Book Review: My Life by Bill Clinton

At almost four (4) pounds and one thousand (1,000) pages, Bill Clinton’s My Life is quite hefty. Beyond his marked candor, this former President unearths with each sentence, an incredible amount of detail in every sentence. He delivers his narrative with poise and fluidity, bundling the embarrassing and the poignant together in a singularly cohesive narrative. To this end, he creates an autobiography that is not just a portrait of an American icon, but also an intentional portrait of the country that elected him in the latter decades of the twentieth century.

Clinton invites us into his old photo albums, the many conversations he had with his kinfolk in Arkansas, and even into the very first memories he has of his wife Hillary, saying in one of his more memorable lines: “With Hillary there was no arm’s length. She was in my face from the start, and, before I knew it, in my heart.”

Clinton’s own story as he tells it provides insight into the stories of ordinary Americans, Americans that ultimately influenced this former president’s policies while in office. Clinton leaves the reader with an understanding that is both natural and commonly dismissed: when choosing our leaders it is in fact important to examine their family life and their own history, how they grew up and where they came from. If nothing else, these facts of a person’s life are apt to reveal to us the policies and the issues that he or she will be most compelled to champion when in office.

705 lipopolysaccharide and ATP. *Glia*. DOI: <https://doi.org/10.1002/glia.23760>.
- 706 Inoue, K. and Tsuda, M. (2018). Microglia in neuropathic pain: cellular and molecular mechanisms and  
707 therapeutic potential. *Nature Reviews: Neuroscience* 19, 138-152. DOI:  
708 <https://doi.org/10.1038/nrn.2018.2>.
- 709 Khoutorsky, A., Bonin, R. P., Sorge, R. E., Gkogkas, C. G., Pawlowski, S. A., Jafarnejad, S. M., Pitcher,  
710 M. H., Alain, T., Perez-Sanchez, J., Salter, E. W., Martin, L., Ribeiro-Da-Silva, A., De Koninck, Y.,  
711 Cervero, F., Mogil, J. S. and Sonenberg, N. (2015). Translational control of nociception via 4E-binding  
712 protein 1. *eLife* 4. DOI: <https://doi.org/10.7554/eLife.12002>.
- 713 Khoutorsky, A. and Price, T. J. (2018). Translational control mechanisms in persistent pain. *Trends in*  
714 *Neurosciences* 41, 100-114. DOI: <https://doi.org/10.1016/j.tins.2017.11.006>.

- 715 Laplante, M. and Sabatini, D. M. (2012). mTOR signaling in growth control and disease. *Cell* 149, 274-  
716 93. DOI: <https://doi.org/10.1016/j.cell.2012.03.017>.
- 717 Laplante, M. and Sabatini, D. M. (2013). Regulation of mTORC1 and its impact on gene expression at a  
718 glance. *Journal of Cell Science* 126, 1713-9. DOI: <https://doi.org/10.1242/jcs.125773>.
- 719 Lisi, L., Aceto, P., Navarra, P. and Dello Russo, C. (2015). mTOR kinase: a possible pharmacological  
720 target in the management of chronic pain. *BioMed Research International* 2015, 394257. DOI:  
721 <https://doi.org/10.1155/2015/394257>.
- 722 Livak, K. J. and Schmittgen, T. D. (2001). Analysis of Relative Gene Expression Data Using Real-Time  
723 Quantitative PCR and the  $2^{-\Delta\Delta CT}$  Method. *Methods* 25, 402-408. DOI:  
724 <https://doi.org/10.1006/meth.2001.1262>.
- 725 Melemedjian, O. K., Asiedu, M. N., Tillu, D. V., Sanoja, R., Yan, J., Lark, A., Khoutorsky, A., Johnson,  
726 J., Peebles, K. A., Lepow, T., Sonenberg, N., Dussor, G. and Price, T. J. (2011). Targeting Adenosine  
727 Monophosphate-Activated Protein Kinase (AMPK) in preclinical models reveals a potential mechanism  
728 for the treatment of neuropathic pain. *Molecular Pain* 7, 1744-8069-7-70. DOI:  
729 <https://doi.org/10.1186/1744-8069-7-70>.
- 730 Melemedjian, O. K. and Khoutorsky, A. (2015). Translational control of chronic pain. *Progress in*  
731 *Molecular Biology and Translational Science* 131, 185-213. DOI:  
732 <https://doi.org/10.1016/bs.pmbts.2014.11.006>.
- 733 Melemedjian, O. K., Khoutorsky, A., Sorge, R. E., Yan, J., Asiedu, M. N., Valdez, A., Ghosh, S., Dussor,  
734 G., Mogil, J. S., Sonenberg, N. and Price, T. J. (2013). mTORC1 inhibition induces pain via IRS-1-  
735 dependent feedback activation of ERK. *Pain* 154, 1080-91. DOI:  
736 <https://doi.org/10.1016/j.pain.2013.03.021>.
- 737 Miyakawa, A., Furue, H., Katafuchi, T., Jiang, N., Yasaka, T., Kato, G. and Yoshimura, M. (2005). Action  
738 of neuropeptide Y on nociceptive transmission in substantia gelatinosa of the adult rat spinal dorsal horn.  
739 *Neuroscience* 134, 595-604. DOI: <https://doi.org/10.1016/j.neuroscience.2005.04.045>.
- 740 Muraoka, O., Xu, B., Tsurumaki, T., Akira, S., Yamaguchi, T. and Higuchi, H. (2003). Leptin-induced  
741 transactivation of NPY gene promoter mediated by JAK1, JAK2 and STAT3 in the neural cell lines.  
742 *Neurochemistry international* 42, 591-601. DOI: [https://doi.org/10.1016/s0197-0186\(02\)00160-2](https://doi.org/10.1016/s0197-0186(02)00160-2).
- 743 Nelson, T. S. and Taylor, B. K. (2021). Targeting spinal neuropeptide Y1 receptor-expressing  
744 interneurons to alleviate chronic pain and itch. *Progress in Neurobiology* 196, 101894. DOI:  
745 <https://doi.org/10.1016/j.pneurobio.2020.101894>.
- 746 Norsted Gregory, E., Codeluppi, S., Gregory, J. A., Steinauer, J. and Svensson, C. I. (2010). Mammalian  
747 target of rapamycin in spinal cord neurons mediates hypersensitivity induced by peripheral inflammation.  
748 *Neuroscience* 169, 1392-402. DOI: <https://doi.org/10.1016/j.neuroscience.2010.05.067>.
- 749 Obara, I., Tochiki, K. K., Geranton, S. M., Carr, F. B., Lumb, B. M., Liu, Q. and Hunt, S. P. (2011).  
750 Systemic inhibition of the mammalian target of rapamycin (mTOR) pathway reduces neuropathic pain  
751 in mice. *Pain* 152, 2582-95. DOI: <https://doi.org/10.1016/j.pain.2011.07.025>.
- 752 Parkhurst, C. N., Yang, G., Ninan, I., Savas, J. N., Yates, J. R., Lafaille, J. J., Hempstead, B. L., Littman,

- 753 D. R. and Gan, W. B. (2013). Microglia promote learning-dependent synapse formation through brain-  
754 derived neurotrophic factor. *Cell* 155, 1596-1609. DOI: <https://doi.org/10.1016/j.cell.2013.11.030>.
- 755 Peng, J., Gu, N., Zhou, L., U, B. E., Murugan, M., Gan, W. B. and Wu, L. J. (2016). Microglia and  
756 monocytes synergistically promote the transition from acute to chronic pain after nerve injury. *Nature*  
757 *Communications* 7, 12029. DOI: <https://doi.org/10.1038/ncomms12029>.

He shares his diary and his memories, mementos from the past that harken back to an age when he was not so sure of himself. In so doing he draws beyond the material surface of who he is and taps into the very essence of his soul to actually show the kind of man he is. Here we see a young man who has fought against himself, who has questioned his motives and actions and who has come out of his inner struggle affirmed that although he was once afraid he would lose his soul, he knows now that it is too integral to who he is to ever be lost, even in a world that can be as treacherous as politics.

At the heart of this biography is a man who very much understands himself, as he proves to be a man much greater than the totality of the scandals that so tainted his last few years in office or the decisions he made that would inform this country’s future. Instead, he emerges a man whose own story is rooted so firmly in that of his grandparents’ and mother’s, in the stories of the father he never had, the students he taught, and the constituents and neighbors he grew up talking to. But even more in this memoir there emerges a man who believes so much in America and her future that in writing a novel entitled “My Life,” he has memorialised the stories of this nation’s people.

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